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The Shī‘ah Imāmī Alevī-Baktāshīyyāh Ṭarīqah or The Bektashi Order (Turkish: Bektaşi Tarîkatı), is a dervish order (tariqat) named after the 13th century Alevi Wali (saint) Haji Bektash Veli from Khorasan, but founded by Balim Sultan.The order is mainly found throughout Anatolia and the Balkans, and was particularly strong in Albania, Bulgaria, and among Ottoman era Greek Muslims from the regions of Epirus, Crete and Macedonia.

For the event to trigger that creates the Bektashi Order , Sons of Abraham DLC is needed. Jihads also must be unlocked and either the year is at least 1228 or one of the following counties owner is not Muslim : Baghdad, Damascus, Cairo, Jerusalem or Mecca.The order is composed of 21% Light Infantry 43% Heavy Infantry 21% Archers and 14% Cavalry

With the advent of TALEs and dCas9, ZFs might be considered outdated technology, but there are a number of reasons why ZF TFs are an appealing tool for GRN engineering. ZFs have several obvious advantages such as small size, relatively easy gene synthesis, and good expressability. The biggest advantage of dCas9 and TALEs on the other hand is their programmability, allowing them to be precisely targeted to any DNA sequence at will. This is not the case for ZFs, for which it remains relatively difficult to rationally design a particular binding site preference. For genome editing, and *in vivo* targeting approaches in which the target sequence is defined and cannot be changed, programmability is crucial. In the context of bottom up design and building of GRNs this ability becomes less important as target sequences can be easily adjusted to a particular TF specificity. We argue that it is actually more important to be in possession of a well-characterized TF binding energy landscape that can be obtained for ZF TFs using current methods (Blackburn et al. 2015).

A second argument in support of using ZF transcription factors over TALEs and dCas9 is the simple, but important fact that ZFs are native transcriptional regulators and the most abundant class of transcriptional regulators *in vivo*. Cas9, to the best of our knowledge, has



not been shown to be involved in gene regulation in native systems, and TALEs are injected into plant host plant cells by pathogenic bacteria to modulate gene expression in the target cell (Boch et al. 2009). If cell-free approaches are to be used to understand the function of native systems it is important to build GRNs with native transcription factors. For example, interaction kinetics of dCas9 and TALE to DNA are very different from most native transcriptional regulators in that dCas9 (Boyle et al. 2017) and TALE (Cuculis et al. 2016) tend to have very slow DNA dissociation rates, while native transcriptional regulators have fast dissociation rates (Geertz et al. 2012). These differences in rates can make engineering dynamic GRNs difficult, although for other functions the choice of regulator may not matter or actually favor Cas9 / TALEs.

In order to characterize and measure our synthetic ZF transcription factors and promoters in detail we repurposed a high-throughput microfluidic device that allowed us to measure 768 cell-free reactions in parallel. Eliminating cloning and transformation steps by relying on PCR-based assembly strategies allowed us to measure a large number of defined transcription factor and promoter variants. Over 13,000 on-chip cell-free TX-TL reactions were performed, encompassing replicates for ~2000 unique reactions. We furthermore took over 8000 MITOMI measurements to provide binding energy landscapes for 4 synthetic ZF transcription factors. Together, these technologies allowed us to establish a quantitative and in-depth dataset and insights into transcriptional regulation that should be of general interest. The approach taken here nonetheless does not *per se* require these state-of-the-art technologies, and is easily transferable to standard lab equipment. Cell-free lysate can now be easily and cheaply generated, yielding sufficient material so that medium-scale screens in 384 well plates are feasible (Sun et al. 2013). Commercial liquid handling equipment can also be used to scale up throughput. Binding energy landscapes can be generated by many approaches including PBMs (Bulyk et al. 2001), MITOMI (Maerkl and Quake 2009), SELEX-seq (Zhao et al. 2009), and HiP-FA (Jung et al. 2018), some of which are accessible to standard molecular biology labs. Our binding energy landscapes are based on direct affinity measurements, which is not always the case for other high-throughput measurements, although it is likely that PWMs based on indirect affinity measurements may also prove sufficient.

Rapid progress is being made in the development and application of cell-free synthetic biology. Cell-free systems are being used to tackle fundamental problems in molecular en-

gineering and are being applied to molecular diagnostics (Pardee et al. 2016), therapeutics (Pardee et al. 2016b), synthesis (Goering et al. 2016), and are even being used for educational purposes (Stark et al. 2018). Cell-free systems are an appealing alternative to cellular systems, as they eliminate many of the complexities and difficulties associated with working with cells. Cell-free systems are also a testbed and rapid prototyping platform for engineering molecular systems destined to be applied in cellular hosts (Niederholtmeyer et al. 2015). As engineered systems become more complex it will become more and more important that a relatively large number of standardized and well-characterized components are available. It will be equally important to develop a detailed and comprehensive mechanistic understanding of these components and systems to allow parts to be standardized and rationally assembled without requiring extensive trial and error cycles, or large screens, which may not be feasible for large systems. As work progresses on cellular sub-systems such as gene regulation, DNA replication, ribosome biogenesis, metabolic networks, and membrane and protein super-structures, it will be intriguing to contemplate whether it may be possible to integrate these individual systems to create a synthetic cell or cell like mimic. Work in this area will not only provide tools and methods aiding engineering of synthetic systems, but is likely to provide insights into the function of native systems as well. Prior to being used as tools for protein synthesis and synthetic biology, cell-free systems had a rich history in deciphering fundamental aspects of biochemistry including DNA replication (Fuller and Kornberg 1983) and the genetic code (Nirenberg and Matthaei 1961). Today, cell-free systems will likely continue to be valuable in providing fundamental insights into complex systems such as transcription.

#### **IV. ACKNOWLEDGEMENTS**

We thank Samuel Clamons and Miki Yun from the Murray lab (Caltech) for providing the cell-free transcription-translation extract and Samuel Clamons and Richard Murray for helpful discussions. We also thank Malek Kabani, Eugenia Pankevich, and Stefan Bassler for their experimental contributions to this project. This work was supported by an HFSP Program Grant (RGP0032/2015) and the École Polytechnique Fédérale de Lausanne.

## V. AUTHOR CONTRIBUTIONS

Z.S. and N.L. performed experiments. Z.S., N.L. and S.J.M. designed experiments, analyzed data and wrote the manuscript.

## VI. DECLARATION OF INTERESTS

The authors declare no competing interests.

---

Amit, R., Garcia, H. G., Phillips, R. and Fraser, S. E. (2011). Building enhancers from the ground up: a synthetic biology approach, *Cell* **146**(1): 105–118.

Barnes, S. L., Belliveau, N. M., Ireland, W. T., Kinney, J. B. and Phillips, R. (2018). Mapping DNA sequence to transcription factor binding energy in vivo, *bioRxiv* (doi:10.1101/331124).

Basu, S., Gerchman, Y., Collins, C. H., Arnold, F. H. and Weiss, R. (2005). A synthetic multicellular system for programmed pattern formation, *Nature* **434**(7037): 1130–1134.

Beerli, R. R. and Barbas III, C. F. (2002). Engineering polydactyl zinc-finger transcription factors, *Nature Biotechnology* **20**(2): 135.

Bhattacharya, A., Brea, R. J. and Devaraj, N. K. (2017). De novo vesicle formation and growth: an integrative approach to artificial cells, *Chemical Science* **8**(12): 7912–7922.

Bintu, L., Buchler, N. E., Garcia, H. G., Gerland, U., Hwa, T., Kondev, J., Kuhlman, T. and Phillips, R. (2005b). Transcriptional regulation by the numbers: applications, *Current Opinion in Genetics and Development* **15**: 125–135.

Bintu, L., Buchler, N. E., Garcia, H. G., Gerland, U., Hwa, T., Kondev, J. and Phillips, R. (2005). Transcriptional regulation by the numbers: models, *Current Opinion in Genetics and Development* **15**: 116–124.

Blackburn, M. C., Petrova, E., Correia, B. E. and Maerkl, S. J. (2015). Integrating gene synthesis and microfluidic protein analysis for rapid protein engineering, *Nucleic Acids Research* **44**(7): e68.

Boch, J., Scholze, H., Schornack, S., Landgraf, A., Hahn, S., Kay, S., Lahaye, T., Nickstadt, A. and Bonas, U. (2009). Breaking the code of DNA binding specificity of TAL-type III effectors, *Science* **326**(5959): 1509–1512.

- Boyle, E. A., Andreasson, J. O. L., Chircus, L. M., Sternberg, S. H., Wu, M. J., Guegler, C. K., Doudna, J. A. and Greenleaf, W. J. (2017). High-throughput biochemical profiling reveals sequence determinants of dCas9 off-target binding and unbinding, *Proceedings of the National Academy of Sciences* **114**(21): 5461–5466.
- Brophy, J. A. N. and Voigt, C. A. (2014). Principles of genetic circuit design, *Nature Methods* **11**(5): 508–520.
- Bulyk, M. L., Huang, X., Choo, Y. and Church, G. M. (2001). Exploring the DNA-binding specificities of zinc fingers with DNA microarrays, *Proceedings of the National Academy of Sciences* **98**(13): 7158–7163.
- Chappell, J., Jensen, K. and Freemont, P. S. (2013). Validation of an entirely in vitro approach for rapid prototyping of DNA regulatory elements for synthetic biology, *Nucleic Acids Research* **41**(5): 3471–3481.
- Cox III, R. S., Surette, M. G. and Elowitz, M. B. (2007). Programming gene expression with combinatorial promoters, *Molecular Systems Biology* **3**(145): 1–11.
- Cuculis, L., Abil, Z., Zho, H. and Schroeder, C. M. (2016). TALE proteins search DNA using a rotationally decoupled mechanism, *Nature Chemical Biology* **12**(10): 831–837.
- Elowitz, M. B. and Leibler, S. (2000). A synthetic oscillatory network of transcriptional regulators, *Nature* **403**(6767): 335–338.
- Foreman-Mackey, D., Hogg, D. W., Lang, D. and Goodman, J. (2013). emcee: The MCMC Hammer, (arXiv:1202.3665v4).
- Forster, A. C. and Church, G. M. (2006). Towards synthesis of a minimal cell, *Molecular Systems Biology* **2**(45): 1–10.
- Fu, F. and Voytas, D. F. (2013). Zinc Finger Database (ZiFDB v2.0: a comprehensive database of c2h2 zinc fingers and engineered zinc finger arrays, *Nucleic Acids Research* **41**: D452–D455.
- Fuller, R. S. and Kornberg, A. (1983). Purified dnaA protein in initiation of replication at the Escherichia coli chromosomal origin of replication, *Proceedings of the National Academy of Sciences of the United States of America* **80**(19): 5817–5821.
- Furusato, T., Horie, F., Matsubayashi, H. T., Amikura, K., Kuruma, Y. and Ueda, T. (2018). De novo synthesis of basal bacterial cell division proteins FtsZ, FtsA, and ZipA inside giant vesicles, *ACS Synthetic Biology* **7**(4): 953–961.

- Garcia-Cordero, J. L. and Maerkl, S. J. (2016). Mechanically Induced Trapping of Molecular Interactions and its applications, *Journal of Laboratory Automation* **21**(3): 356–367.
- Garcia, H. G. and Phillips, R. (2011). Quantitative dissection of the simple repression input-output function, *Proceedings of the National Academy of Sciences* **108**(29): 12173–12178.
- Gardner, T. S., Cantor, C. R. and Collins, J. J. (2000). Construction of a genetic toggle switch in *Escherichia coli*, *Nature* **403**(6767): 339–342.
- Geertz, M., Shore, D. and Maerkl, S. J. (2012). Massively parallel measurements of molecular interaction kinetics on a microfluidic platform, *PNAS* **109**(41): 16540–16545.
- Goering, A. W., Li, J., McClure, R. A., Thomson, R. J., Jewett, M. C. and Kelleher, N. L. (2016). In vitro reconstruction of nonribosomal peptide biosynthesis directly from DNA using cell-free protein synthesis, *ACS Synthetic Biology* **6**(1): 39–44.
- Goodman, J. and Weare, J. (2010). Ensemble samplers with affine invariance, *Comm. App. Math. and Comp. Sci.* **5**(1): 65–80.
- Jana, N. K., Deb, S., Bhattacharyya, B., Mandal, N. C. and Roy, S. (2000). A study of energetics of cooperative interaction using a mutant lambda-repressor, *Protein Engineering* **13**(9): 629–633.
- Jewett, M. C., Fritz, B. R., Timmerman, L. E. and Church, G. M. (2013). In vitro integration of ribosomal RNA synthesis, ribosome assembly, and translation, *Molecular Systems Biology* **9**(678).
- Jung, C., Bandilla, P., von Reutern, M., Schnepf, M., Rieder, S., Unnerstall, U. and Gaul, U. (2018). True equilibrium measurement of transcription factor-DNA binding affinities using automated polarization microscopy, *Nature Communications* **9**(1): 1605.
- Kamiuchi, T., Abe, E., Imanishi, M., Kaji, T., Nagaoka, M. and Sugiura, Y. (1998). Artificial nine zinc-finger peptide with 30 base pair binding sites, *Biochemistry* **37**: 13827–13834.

Historically , The Bektashi order was widespread in the Ottoman Empire, their lodges being scattered throughout Anatolia as well as many parts of particularly the southern Balkans (especially Albania, Bulgaria, Epirus, and both Vardar Macedonia and Greek Macedonia) and also in the imperial city of Constantinople. The order had close ties with the Janissary corps, the elite infantry corp of the Ottoman Army, and therefore also became mainly associated with Anatolian and Balkan Muslims of Christian Orthodox convert origin, mainly Albanians and northern Greeks (although most leading Bektashi babas were of southern Albanian origin).[2] With the abolition of Janissaries, the Bektashi order was banned throughout Ottoman Empire by Sultan Mahmud II in 1826. This decision was supported by the Sunni religious elite as well as the leaders of other, more orthodox, Sufi orders. Bektashi tekkes were closed and their dervishes were exiled. Bektashis slowly regained freedom with the coming of the Tanzimat era. After the foundation of republic, Mustafa Kemal Atatürk banned all Sufi orders and shut down the lodges in 1925. Consequently, the Bektashi leadership moved to Albania and established their headquarters in the city of Tirana. Among the most famous followers of Bektashi Sufism in the 19th century Balkans were Ali Pasha and Naim Frashëri.Today sympathy for the order is generally widespread in Albania where approximately 20% of Muslims identify themselves as having some connection to Bektashism.

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